YONKERS - The most oblivious team in Section 1 prepared this week for what they're told is a momentous football
Don't call it ignorance. Just like when Roosevelt prepared for, and handily beat, Harrison two weeks ago, the Indians don't devalue tradition or hype.
They just don't care.
"We're not worried about the name. Rye is just another team to us," Roosevelt quarterback Donovan Walker said. "We're a team. They're a team. It's just
The approach has served Roosevelt well through the first four weeks of the season. In the chaotic and ever-changing world of Section 1 Class A football, it's Roosevelt - a team most dismissed as not being serious contenders before the year - that has steadily risen from the pack.
With four convincing wins, the Indians enter Week 5 as arguably the most dangerous, and feared, team in the conference.
Roosevelt can close in on a playoff berth with a win. A school that won the 1996 Class AA state title, it would also inch closer to its first winning season this decade.
"The whole atmosphere in the school has changed the last two weeks," Roosevelt coach Mike Meade said. "I've been getting phone calls from people that I haven't heard from in a long time. It's exciting."
It's not about talent or speed or brute strength, although those things have been in abundance for Roosevelt this season. What has distinguished the Indians among the top teams in Class A, quite simply, is confidence.
The Roosevelt players are quick to point out they were a Class AA school before this season. They respect the elite teams in A. But they're not facing teams like New Rochelle, White Plains and Mount Vernon on a weekly basis.
Experience has made up for a lack of depth. The Indians had only 22 active players at Tuesday's practice. Against Rye, eight of those will start on both sides of the ball and on special
It helps when two of those two-way starters are Walker and Dave Thomas, a pair of third-year starters.
Walker, a chiseled 5-foot-10, 180-pound senior, has thrown for 378 yards and six
"Having him and Dave is like heaven," Meade said. "I don't know how I'll ever replace them. In my entire career, I've probably coached two other kids like them."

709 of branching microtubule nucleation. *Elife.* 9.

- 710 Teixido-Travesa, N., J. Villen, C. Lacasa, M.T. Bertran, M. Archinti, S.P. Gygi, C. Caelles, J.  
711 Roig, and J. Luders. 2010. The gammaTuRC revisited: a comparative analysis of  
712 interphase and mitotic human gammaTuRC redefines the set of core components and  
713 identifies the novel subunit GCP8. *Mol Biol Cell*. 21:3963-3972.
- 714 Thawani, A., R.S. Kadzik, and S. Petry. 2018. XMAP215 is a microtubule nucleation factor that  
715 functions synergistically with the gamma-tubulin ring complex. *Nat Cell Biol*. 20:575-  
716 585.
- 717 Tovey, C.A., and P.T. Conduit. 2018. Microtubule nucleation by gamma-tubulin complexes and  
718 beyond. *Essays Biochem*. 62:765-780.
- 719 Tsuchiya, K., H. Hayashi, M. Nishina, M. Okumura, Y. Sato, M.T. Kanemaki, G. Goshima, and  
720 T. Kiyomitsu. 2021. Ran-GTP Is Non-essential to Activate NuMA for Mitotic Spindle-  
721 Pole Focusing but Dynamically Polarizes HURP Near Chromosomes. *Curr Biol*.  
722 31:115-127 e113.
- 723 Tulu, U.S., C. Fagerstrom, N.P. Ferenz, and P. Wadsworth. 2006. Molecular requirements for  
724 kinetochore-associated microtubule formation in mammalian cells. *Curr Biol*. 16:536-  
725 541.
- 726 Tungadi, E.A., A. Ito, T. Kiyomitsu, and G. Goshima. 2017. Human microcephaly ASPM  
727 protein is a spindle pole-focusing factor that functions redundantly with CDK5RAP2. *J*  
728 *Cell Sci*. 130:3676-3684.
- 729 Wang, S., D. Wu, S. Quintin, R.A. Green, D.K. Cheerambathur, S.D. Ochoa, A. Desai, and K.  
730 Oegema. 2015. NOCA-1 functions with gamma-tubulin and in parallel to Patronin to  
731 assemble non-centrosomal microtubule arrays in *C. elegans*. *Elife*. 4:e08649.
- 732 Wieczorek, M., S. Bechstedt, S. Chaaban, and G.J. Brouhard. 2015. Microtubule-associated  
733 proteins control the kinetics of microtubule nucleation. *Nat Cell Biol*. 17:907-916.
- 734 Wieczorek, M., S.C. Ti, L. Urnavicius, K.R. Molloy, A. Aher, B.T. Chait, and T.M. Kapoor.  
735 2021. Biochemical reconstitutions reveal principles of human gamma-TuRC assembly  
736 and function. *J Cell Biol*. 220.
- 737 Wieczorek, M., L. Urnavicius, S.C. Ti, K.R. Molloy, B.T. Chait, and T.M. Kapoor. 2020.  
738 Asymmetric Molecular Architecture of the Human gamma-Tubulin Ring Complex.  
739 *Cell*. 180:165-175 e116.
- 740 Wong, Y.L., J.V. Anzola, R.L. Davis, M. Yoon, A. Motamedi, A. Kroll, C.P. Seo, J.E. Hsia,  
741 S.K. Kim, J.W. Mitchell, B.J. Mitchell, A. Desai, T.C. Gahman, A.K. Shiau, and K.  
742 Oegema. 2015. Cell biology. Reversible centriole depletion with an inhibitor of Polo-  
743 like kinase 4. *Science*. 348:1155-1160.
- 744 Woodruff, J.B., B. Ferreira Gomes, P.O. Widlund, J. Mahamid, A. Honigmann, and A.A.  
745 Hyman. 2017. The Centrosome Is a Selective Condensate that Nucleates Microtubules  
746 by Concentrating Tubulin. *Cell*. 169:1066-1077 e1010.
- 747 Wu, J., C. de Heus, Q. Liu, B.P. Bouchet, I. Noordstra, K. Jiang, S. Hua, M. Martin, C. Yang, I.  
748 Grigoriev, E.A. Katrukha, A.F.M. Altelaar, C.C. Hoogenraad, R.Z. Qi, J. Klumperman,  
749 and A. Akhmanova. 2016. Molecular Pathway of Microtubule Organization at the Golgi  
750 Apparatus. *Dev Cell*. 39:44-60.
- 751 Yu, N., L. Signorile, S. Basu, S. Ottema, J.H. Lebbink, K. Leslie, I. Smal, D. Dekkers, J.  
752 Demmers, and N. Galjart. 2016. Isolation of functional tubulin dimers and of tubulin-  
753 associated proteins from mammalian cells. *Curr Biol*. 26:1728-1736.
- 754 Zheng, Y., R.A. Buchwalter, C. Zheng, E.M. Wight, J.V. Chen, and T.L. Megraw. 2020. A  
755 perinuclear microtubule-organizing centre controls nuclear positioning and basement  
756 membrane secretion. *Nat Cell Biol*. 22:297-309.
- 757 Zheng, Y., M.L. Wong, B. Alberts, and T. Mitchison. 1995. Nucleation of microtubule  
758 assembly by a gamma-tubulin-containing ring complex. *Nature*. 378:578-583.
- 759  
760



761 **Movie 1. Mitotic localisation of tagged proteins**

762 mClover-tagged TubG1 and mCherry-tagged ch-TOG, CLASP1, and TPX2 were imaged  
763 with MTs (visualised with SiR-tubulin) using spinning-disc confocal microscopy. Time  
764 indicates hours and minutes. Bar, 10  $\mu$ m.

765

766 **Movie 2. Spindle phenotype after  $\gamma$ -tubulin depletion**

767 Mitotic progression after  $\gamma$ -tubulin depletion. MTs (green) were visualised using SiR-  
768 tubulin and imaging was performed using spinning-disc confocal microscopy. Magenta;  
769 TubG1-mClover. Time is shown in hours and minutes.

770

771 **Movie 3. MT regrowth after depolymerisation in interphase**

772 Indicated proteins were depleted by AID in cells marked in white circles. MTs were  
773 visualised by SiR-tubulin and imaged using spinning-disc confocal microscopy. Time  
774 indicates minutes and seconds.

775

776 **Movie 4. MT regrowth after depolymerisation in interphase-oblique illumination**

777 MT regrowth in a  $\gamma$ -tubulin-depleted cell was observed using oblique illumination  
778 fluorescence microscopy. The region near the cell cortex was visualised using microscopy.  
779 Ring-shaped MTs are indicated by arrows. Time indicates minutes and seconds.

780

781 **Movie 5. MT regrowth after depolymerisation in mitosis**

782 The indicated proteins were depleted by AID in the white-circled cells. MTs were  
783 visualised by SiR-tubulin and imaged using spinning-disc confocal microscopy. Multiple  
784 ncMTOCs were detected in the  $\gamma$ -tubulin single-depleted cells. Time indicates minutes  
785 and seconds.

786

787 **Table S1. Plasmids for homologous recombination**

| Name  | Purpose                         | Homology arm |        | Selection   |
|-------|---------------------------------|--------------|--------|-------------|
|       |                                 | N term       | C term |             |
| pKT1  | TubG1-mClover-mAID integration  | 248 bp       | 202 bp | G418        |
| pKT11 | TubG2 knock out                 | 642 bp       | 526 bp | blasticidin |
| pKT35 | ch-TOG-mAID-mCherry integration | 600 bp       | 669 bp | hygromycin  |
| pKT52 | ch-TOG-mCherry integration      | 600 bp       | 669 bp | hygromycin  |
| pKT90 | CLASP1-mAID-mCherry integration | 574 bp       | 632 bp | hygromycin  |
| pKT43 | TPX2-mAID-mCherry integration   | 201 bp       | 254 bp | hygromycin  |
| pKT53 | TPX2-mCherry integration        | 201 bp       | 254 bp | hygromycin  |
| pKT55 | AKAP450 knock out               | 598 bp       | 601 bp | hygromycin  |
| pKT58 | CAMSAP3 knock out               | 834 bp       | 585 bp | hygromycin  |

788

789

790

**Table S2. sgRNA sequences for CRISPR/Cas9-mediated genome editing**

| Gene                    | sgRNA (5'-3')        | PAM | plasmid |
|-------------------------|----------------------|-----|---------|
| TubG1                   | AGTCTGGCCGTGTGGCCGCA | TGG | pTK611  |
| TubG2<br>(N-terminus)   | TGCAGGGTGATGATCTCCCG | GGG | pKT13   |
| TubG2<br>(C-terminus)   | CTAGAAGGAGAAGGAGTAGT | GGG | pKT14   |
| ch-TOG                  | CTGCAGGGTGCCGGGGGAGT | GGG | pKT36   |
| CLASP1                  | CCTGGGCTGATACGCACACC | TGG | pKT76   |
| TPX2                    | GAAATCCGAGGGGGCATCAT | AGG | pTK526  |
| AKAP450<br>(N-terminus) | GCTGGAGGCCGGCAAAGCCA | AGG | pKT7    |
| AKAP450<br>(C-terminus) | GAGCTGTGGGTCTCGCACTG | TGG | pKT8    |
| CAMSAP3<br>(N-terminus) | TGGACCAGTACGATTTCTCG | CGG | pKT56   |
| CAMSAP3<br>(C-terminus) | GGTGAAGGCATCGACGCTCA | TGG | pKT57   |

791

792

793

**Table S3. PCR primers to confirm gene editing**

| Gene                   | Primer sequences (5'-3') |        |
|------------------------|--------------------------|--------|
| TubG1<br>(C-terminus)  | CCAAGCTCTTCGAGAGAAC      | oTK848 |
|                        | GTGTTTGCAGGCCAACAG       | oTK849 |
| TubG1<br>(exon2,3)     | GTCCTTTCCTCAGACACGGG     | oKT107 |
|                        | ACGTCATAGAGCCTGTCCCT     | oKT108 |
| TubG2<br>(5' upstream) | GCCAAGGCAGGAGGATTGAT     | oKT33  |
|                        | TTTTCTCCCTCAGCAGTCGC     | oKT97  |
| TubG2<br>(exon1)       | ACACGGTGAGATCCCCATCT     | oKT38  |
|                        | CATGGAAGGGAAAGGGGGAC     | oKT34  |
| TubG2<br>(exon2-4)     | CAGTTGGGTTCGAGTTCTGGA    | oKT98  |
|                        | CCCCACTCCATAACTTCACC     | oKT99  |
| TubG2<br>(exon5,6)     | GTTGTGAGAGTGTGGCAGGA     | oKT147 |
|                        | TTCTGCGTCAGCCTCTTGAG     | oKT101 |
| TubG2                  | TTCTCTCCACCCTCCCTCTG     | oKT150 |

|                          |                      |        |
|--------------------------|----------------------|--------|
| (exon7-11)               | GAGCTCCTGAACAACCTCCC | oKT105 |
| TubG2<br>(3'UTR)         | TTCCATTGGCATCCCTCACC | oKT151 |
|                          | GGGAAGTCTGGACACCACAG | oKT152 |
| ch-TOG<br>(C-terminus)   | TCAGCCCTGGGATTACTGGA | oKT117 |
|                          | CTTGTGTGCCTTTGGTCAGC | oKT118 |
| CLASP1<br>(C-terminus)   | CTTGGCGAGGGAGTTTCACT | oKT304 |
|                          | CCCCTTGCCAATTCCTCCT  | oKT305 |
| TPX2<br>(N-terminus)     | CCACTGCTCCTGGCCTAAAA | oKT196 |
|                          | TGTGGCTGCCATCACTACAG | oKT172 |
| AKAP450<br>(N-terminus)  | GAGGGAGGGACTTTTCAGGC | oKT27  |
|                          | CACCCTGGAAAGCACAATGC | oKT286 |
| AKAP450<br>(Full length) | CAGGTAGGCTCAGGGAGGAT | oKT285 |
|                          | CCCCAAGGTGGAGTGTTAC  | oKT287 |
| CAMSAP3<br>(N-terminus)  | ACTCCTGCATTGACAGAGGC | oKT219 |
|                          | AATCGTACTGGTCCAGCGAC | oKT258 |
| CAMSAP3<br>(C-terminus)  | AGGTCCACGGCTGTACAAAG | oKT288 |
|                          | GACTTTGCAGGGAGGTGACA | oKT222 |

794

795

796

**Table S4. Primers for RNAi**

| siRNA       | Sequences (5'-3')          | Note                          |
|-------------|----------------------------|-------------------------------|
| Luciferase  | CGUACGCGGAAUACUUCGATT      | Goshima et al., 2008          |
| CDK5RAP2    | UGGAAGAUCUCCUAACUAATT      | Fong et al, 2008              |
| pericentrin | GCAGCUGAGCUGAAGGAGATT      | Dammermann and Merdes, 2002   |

Thomas is on track for his second 1,000-yard rushing season. After gaining 1,099 last year, he's gained 582 yards on 63 carries (9.2 average) this season with nine touchdowns.
Add in the emergence of junior wideouts A.J. Pritchett and Alton Ritter, receiver/kicker Klaudio Selimaj, and productive linemen Tyrone Jones, Steve Harris and Korab Muriqi, and the Indians' success doesn't hinge on just two players.
The biggest difference, though, from last year's 4-5 team to now is chemistry. Once a team disrupted by egos and locker-room dissension, the Indians insist the jealousy is gone.
Thomas has pioneered that change.
"Dave is now a man," Meade said. "His leadership and the respect he gets from his teammates, it's so important to the chemistry of the team. They all want to block for him now. They don't care who scores. Either does he. He's changed a lot. He's grown up."
To make the playoffs, Roosevelt will likely have to beat Rye and Eastchester in the next two weeks. A split would force the Indians to await a tiebreaker. A sweep and they're in as the No. 1 seed.
While it was possible before the season Roosevelt could be in this position, few believed they'd ever go unbeaten through the year.
"We still feel like we have a lot to prove," Thomas said. "It's all right. I prefer to be the underdog. Being the type of team that we are, being the underdog is the best scenario for us."
"We're not going to get too ahead of ourselves. That's how you lose," Walker said. "We're not going to think we're automatically going to beat this team or that team. We know what we can do. We just have to go out and do it."